Book Review
Sunday, November 11, 2012
Everything You Could Hope for in a Necropolis Archivist

"Last Chance Texaco" by Joe Lee (Dogwood Press, $22.95)

In case there are any music aficionados reading this column, let's state upfront that Joe Lee's "Last Chance Texaco" has nothing to do with the 1979 Rickie Lee Jones song of almost the same title. "Last Chance Texaco" is the fourth installment in Lee's critically acclaimed Oakdale series. Fictional Oakdale is a northeast Mississippi town near Tupelo. It's a small, unexciting Mississippi town with a Peyton Place underbelly and more than its share of secrets.

In past Oakdale books, the reader has been introduced to a bad policeman, a police chief on the take, a psycho debutante turned fugitive, a flaky news broadcaster and a shady football coach. Now we meet a sociopathic builder and an overachieving CPA.

We've always been told that at or near the top of any list of "do's" in Writing 101 is the recommendation that an author should write about what he knows. Lee obviously took that class because the protagonist of "Last Chance Texaco," Chris Brantley, is an extension of Lee himself. Brantley, like the author Lee, is a newsman, a writer and a recreational runner who lives with his family in a small community in Rankin County. Lee must also have been attentive the day his instructor discussed creating interesting and quirky characters, a tradition that's brought fame to numerous Mississippi authors from Tennessee Williams to William Faulkner to Jimmy Buffett.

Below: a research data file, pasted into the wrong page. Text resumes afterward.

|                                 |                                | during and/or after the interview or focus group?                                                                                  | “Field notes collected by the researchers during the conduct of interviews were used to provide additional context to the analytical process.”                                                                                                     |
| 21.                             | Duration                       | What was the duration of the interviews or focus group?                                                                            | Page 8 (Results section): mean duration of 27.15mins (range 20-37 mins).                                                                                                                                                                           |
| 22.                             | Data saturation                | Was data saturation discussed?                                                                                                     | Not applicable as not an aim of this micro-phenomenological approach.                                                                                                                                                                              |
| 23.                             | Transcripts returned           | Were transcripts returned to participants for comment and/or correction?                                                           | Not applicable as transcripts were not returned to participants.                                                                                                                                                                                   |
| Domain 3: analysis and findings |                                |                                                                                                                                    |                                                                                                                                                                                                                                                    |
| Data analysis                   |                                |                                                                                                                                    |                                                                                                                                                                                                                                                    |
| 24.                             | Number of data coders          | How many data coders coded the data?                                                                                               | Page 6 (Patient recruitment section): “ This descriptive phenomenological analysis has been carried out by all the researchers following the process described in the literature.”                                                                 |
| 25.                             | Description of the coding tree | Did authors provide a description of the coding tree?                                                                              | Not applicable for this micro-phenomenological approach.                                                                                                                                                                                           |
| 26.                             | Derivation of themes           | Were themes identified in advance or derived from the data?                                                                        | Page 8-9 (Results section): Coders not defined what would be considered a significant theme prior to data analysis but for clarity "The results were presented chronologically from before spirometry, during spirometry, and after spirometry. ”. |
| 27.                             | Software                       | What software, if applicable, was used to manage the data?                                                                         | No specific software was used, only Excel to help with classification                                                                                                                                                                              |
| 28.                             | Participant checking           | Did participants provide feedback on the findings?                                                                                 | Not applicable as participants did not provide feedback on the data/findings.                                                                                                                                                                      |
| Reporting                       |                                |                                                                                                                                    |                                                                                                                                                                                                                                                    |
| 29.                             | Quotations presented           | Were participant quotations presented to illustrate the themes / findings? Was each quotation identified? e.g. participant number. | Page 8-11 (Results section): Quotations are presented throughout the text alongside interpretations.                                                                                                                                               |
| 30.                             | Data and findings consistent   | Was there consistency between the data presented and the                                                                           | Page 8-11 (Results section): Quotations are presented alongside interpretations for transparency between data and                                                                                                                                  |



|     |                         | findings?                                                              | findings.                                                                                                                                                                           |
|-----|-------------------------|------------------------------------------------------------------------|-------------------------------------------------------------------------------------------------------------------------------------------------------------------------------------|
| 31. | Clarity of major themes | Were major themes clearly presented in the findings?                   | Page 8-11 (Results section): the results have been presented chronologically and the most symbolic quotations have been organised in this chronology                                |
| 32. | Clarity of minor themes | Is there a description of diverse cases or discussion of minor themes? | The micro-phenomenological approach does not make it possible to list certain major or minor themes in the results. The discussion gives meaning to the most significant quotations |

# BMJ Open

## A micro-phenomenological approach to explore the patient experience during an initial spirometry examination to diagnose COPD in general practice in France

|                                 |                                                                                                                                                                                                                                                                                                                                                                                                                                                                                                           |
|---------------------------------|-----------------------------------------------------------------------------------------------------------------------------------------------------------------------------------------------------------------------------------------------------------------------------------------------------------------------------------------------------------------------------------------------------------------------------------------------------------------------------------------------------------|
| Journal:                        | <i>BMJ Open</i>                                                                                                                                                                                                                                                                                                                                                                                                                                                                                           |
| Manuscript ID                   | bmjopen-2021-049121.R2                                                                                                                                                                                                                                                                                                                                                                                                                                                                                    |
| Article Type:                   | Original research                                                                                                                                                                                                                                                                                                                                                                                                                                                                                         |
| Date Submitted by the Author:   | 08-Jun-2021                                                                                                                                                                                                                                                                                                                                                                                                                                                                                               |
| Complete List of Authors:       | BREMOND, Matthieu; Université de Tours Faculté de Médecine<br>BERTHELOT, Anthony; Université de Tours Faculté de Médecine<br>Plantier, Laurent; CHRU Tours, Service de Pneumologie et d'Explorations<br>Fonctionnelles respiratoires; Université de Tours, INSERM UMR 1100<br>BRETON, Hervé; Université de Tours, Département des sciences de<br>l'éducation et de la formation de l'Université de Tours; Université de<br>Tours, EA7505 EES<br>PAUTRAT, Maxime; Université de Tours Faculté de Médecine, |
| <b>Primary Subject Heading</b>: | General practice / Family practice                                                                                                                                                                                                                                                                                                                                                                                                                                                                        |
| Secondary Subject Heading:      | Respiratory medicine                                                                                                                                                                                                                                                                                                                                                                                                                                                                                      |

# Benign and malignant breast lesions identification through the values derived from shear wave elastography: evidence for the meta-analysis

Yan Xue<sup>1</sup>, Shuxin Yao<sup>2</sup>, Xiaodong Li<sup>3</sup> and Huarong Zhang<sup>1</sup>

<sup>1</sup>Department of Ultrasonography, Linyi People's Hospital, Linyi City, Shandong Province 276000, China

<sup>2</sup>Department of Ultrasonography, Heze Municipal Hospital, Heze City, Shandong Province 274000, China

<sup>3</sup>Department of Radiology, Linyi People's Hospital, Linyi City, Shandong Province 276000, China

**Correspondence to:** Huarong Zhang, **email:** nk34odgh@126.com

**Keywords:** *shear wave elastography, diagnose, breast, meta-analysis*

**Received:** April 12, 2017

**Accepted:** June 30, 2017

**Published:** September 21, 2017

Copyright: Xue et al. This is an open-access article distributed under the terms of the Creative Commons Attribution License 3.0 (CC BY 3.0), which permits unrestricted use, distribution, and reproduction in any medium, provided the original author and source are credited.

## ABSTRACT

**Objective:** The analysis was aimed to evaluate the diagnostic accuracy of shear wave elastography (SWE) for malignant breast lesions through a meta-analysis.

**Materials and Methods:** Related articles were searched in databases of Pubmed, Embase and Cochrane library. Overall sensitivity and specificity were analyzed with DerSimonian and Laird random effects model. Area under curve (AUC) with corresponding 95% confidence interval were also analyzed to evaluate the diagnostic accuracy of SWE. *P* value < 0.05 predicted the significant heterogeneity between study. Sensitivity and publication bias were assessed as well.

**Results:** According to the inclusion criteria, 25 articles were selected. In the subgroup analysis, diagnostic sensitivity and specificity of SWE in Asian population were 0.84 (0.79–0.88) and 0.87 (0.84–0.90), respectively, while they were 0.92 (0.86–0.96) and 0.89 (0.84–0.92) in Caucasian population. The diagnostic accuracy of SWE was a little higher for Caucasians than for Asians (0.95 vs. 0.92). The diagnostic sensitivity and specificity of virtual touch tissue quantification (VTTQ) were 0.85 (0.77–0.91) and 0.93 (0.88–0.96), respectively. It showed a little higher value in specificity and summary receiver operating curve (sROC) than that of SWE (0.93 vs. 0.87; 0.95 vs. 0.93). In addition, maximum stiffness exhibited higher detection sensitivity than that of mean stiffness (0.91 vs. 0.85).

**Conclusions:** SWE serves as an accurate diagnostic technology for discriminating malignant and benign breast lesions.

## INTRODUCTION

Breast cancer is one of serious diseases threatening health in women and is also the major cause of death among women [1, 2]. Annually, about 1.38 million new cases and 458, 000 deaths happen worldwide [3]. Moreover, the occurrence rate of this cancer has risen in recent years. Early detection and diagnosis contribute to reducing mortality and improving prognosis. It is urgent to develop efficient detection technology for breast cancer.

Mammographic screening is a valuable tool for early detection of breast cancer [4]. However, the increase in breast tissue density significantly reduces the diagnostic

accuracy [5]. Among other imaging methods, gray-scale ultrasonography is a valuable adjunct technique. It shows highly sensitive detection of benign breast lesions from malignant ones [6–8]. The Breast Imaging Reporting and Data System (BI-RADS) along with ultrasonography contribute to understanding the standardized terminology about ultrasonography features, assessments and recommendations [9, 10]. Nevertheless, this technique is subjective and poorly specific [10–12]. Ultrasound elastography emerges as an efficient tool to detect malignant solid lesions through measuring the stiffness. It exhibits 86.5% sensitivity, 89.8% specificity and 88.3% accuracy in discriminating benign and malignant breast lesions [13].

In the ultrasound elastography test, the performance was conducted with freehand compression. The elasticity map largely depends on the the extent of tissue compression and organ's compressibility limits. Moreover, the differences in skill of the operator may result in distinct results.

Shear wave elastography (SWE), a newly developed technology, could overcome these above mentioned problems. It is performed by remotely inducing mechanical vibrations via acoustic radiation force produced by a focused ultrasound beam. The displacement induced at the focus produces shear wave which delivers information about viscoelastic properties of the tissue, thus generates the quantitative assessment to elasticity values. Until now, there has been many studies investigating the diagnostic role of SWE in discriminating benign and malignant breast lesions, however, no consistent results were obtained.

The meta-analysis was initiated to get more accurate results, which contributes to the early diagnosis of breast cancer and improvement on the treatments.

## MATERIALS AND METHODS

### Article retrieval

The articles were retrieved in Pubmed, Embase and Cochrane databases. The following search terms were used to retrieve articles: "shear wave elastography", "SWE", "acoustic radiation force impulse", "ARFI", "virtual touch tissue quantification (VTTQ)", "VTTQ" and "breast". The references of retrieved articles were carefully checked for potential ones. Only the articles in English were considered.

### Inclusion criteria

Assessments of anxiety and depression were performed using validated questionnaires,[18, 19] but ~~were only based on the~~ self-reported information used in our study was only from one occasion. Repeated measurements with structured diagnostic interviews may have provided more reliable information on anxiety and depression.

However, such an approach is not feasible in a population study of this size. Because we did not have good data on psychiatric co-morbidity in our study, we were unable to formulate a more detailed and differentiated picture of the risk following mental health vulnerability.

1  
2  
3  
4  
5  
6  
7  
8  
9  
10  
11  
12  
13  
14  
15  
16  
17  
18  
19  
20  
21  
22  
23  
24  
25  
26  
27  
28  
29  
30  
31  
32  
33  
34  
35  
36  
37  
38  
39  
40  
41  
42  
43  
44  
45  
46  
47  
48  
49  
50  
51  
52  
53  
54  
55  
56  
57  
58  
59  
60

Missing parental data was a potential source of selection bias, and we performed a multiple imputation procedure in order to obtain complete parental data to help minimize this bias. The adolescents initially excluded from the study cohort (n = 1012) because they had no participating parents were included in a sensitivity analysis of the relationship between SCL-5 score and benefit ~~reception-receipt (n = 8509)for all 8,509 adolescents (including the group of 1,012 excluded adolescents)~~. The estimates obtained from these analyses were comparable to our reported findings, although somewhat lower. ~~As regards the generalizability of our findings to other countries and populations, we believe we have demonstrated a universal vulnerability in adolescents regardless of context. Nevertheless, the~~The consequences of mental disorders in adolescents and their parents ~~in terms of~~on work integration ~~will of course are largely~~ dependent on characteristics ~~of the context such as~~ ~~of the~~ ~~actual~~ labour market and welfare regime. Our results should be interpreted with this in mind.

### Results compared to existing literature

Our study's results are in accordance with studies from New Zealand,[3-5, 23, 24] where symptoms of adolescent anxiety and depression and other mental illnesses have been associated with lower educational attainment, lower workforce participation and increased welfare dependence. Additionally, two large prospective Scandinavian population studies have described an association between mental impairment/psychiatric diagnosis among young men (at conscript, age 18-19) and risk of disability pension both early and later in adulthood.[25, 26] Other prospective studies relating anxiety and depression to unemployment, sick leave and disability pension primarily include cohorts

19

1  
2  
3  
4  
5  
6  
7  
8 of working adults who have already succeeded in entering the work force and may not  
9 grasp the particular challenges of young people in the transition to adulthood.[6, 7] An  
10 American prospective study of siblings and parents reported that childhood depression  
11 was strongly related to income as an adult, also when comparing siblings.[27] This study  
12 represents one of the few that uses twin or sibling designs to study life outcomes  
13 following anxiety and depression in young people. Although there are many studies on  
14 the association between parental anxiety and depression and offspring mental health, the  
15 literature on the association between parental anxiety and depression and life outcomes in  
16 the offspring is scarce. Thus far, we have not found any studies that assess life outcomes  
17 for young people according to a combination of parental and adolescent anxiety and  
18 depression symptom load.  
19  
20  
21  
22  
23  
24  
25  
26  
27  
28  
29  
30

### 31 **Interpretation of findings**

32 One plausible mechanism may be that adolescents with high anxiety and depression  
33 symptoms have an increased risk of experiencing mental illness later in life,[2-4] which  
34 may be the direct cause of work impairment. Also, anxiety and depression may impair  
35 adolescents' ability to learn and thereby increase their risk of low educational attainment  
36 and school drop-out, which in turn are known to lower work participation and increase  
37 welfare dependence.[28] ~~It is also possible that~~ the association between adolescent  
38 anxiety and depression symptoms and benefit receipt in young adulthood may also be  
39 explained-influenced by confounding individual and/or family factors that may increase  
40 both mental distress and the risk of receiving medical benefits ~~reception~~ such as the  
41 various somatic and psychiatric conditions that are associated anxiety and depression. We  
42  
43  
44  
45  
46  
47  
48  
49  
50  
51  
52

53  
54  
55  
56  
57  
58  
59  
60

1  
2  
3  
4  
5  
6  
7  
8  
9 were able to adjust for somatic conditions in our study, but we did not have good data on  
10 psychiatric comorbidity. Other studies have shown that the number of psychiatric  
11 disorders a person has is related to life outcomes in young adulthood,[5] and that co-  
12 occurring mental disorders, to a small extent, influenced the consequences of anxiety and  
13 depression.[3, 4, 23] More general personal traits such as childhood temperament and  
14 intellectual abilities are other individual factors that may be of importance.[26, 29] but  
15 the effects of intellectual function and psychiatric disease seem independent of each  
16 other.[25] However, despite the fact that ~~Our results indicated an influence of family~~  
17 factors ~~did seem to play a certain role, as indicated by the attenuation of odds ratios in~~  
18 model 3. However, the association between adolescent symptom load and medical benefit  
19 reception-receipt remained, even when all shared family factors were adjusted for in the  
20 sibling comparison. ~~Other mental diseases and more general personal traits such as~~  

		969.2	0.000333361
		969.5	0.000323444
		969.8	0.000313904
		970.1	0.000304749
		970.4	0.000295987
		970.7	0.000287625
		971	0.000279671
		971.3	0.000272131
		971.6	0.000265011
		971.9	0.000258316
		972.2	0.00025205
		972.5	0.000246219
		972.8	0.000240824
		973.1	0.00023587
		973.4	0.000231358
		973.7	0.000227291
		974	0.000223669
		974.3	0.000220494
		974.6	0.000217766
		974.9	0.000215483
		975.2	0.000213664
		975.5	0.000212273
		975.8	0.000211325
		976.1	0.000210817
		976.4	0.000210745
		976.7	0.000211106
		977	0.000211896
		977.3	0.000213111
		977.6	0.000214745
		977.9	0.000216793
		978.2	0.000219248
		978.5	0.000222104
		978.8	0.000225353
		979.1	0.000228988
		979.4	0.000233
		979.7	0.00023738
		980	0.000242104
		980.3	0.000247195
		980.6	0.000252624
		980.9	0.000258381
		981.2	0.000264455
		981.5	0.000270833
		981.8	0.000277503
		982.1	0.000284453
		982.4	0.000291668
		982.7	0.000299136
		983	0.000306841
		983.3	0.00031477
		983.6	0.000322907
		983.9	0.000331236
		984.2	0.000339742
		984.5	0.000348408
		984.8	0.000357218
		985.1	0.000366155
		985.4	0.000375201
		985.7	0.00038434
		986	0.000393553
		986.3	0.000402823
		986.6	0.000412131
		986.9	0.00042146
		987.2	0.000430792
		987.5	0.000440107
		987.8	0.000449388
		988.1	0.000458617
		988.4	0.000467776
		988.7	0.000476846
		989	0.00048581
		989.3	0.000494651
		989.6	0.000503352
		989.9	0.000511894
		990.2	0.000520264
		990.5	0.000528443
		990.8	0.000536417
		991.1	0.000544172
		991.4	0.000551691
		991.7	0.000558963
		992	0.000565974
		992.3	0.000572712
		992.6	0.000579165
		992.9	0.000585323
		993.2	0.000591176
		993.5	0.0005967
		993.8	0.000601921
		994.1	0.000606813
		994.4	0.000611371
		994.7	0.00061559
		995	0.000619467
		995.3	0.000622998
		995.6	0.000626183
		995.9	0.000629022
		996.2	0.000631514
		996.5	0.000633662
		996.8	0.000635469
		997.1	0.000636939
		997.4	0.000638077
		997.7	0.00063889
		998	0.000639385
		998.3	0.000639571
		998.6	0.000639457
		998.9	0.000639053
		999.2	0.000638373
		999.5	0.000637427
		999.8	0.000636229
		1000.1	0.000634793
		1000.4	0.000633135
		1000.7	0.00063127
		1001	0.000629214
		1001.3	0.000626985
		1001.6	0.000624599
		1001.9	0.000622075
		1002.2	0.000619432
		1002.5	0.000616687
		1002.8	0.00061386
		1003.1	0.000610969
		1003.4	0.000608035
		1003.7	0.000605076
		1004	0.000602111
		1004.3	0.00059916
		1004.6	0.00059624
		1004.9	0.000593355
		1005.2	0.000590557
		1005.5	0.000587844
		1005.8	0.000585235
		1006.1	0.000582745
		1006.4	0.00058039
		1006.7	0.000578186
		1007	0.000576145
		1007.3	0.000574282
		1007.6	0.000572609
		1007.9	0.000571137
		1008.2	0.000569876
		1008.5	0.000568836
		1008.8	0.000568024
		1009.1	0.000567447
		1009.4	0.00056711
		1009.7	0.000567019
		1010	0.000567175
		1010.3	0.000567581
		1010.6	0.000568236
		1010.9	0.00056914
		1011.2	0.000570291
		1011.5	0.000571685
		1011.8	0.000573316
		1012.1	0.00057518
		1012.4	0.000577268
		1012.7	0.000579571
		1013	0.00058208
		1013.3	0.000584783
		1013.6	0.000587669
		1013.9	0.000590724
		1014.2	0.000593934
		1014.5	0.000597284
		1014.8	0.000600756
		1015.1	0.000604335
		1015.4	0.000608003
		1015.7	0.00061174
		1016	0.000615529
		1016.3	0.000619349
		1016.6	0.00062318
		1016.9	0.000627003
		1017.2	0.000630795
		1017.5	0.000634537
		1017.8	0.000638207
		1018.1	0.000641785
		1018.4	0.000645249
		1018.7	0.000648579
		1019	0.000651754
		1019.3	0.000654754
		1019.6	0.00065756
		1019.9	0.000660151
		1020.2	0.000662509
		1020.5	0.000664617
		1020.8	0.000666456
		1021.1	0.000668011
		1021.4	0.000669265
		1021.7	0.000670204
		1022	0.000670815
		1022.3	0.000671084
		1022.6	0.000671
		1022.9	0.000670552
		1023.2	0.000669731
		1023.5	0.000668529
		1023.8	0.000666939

In "Last Chance Texaco," Chris Brantley accidentally meets his old flame Lisa at Oakdale's Texaco after finishing a 10-kilometer run. Twenty years prior, Chris and Lisa were an item until Lisa met and married her now ex-husband, Ed Youngblood. Chris is married to Angie, a CPA who's more attached to her job than she is to him. Chris, who works from home, does most of the parenting of their 10-year-old son Billy since Angie's life revolves more and more around advancing her career.

Lisa, now a fifth-grade teacher, wants to stay in touch. Her ex-husband is a hulking, wealthy and successful man who has a history of jealousy-related violence. In his mind he is still married and demands conjugal privileges from Lisa on a regular basis. Lisa accommodates him to avoid a custody battle over their daughter, Savannah.

Now throw in a car wreck, a biological daughter who'd been put up for adoption at birth and a deranged hit man -- and you have a classic Southern bittersweet soap-opera thriller loaded with twists and turns both good and evil, all set in a seemingly serene burg.

It is clear that Joe Lee understands the society about which he writes. He is a native Mississippian who's lived most of his life in Jackson and Starkville. He's married to another native Mississippian from the coastal town of Bay St. Louis. He's a graduate of Mississippi State and has worked in journalism, radio, TV and publishing. His wife Leslie, the special assistant attorney general for the Mississippi Attorney General's office in Jackson, serves as a major resource for his books. He also holds journalism classes.